Transportation is an example of an industry where consumers are actually at the mercy of outdated regulation. As a result, the industry has been hampered and harmed.

I spent a couple of hours yesterday with people who were trying to find an answer to the financial difficulties of the Rock Island Railroad. Better than 12 years ago, two railroads in the Far West wanted to merge with the Rock Island. And after 12 long years, they finally got a decision from the ICC. In the meantime, the Rock Island has gone broke.

Well, that is a simple example, but now we are trying to find an answer. Of course, you in New England are familiar with some of the problems in this area here.

Well, the Interstate Commerce Commission actually was established in 1887 and had a good purpose: to protect the public from the monopoly of the railroads. It produced massive construction (constriction) of rail transportation.

We know the country does have a basically ample railroad system, but the problem is now to make it work for the benefit of the users and keep it healthy so we don't have to move into the nationalization of this important asset in our economic life.

Now, the defects of airline regulation by the Civil Aeronautics Board can be seen very specifically in California and in Texas. Let me cite this example. The CAB-regulated carriers--it does regulate carriers that compete with intrastate carriers, which are not regulated by the CAB--the facts are that the fares of nonregulated intrastate carriers are as much as 40-percent lower than those controlled by the CAB. Something must be wrong.

Now, to deal with inefficient and inequitable regulation in the transportation industry, I will send to the Congress a comprehensive program of regulatory reform which will promote competition by allowing greater price flexibility, greater freedom of entry, and by reducing the power of Government agencies to grant antitrust immunity.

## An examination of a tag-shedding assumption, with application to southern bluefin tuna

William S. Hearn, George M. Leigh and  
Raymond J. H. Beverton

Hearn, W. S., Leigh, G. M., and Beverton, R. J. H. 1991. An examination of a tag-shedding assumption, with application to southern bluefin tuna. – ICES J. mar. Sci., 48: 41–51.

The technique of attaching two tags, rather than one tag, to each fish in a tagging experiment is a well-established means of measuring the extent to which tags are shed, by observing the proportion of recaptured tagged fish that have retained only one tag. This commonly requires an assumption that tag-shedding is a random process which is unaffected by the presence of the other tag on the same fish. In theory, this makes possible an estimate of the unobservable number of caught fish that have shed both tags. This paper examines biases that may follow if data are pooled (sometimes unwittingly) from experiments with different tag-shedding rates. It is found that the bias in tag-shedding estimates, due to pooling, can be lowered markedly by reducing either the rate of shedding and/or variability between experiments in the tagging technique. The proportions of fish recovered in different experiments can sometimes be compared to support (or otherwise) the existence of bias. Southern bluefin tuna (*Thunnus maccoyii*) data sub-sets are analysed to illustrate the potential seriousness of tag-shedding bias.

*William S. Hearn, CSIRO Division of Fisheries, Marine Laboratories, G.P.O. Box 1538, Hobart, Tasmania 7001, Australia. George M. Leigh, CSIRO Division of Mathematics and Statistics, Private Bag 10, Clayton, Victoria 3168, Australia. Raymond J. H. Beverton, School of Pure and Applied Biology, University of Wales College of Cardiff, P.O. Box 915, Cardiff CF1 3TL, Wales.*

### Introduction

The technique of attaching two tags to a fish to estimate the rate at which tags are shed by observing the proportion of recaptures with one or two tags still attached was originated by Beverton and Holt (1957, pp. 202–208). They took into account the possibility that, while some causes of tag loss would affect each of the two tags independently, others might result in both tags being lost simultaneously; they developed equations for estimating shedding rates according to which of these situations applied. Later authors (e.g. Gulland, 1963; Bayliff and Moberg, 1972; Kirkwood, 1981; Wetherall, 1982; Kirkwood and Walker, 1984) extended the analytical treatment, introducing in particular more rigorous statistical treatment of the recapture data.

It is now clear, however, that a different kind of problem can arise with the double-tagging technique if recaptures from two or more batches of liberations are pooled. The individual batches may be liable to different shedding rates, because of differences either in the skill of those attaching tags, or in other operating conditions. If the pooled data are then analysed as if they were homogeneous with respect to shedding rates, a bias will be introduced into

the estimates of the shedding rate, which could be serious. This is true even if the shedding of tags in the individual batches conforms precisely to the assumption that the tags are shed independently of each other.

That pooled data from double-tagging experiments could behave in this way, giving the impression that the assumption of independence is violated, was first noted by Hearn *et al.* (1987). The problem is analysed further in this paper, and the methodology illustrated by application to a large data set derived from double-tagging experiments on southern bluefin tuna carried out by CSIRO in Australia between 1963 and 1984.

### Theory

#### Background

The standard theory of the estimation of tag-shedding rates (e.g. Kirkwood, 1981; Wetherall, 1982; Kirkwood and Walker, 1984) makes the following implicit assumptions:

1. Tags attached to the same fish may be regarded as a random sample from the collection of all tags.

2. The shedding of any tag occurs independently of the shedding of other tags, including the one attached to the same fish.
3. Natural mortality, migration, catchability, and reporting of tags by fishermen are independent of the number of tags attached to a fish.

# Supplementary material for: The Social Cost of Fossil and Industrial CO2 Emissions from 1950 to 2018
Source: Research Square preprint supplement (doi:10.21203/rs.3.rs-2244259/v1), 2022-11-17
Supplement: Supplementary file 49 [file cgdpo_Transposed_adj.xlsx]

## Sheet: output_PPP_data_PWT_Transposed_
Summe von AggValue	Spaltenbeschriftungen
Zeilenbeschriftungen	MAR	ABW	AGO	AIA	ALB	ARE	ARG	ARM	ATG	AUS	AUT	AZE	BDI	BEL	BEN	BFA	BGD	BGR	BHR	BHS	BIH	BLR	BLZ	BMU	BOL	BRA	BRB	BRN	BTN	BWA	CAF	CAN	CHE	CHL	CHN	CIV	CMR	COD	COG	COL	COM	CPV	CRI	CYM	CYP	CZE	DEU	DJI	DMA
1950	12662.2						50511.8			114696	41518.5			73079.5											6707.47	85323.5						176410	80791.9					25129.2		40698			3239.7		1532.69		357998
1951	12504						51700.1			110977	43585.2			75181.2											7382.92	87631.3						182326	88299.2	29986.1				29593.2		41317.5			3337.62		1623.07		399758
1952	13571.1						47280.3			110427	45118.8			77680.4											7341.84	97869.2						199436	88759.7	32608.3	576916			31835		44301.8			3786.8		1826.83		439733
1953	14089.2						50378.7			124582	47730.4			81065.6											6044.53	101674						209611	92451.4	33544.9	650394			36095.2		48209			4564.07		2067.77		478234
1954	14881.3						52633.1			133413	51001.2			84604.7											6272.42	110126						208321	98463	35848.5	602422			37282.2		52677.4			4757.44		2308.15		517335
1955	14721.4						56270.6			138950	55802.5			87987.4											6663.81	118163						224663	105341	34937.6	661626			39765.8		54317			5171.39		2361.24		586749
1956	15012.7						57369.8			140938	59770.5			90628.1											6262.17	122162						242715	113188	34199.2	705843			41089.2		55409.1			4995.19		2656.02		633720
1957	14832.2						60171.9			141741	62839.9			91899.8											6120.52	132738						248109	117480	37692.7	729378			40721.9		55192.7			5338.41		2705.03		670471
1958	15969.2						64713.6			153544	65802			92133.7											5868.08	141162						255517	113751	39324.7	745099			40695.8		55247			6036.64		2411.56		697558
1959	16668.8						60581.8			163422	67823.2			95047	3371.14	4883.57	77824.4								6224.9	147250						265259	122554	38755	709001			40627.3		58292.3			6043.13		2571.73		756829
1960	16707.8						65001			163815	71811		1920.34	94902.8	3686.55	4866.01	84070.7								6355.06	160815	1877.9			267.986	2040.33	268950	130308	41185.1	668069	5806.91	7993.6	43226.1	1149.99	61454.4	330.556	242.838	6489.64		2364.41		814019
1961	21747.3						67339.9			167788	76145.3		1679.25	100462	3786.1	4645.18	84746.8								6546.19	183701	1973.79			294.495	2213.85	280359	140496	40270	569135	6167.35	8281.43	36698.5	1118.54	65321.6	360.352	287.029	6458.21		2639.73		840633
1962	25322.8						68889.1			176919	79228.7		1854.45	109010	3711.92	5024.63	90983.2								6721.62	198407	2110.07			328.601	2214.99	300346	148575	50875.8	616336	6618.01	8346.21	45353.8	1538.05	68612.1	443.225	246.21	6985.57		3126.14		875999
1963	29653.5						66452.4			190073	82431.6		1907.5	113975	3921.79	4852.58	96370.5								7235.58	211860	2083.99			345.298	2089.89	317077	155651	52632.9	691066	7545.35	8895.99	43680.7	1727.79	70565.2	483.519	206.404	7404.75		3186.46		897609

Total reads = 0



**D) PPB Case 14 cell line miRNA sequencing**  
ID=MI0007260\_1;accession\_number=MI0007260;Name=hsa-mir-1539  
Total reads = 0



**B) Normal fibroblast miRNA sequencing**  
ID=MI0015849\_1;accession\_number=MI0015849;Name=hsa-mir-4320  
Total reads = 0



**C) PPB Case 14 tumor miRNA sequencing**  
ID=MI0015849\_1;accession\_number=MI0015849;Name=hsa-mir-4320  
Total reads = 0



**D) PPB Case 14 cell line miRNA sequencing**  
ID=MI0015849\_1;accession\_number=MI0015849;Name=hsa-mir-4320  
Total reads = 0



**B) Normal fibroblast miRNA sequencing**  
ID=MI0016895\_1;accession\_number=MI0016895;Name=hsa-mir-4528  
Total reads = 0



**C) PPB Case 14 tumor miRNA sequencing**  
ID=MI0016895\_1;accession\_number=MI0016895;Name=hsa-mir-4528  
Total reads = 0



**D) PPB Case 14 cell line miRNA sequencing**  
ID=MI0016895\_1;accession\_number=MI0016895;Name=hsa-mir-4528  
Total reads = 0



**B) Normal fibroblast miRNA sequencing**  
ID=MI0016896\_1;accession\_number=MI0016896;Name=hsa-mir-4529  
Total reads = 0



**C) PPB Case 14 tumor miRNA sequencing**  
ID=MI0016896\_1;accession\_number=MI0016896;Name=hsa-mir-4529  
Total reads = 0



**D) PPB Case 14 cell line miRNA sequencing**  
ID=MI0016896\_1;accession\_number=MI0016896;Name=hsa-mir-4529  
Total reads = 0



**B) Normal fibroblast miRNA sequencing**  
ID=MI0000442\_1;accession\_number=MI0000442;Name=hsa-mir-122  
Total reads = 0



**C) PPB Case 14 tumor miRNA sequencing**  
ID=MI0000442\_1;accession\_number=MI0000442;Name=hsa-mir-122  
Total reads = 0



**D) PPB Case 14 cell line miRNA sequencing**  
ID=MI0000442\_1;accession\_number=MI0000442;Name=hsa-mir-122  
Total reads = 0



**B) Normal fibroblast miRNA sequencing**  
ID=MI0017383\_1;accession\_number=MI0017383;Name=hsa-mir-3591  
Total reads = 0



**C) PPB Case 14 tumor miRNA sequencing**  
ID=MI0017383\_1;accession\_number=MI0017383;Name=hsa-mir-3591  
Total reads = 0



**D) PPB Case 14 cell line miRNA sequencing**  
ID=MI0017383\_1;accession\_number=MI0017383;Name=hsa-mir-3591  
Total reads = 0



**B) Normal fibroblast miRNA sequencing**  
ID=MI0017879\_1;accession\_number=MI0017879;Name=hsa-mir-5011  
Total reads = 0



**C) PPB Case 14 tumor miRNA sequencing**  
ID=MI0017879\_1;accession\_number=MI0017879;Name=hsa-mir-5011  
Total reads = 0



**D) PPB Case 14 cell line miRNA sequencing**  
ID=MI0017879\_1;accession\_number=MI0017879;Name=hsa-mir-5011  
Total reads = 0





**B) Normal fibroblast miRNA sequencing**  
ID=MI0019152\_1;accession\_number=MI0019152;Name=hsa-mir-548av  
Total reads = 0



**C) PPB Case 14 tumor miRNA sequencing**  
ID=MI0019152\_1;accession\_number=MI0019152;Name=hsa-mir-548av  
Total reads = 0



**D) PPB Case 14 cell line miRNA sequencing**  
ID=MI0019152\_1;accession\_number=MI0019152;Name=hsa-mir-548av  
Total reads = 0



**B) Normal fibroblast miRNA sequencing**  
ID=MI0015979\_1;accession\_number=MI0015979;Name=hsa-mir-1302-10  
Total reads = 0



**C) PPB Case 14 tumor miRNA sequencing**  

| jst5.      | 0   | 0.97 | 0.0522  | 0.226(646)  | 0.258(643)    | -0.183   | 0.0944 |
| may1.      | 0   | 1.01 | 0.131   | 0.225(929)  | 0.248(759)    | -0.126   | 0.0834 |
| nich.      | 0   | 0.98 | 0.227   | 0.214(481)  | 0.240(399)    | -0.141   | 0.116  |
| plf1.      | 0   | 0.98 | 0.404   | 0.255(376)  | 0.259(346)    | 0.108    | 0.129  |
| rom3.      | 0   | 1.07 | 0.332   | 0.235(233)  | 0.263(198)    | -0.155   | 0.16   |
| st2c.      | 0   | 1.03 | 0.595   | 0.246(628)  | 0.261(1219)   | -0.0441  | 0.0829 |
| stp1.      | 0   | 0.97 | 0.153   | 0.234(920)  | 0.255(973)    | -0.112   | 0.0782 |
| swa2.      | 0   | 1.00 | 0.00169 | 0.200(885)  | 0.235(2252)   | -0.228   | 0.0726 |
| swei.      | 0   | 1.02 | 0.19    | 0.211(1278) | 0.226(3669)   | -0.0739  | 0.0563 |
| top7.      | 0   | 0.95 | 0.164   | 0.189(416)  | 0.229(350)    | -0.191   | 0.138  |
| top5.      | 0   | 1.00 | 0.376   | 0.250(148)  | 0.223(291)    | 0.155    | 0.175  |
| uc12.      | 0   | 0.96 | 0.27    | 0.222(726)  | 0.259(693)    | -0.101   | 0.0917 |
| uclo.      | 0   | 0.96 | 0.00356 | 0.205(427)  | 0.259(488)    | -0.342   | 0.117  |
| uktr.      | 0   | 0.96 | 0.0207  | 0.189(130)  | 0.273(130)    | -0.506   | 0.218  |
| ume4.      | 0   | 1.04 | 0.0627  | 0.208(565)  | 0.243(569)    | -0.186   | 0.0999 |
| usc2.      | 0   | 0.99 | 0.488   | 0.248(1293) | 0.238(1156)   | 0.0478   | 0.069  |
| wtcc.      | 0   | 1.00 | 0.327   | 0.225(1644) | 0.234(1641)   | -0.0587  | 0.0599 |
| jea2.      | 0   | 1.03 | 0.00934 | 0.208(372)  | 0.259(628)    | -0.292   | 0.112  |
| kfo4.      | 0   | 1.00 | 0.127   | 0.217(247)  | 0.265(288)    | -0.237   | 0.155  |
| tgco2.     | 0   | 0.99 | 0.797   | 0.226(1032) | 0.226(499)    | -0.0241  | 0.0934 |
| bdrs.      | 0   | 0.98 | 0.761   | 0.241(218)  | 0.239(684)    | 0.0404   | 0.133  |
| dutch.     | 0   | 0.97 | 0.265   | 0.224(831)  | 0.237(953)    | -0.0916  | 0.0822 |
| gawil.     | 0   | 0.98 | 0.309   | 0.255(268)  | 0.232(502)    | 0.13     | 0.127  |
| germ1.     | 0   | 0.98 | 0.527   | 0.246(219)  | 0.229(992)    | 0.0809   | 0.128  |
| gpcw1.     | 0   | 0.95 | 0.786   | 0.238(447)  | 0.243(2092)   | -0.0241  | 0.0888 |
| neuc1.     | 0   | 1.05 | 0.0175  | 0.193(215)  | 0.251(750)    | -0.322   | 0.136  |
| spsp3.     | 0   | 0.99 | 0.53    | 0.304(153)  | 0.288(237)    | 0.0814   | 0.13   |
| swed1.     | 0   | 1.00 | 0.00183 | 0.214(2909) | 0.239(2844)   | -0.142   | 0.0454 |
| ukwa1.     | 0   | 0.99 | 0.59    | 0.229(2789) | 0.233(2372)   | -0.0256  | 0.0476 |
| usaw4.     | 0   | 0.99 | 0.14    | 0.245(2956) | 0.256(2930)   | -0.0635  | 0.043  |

These proposals are designed to allow railroads, airlines, and trucking firms to lower their rates. Increased competition will also result in more efficient utilization of energy and savings to the consumer.

Stimulation of competition is the goal of another legislative proposal. The financial institutions act--which I have already sent to the Congress--it proposes, for example, the removal of some outdated constraints on services and rates which banks and savings institutions offer to consumers.

As many of you know, present regulations make it easier to obtain higher interest rates for the large depositor than the small depositor. Banks, in our judgment, should be allowed to compete for the small investor's dollar. This legislation would facilitate that.

If approved by the Congress, this act would open up new sources of deposits and increase the lending power of financial institutions. The increased financial flexibility will obviously provide an economic boost and give the average consumer a better opportunity to earn good interest from his savings.

Marketplace competition would definitely be improved by increasing consumer information. The better informed the purchaser, the more competitive producers must become. All of the initiatives toward deregulation should be accompanied by vigorous enforcement of antitrust laws. Vigorous antitrust action must be part of the effort to promote competition.

A number of industries were made exempt from these controls; others were not. Like many government interventions in the market system, the exemptions were enacted in response to various economic difficulties, real or imagined, with little or no thought to the long-run impact or effect. The time has come, as we see it, to reconsider these exemptions and to discontinue those that cannot be fully justified.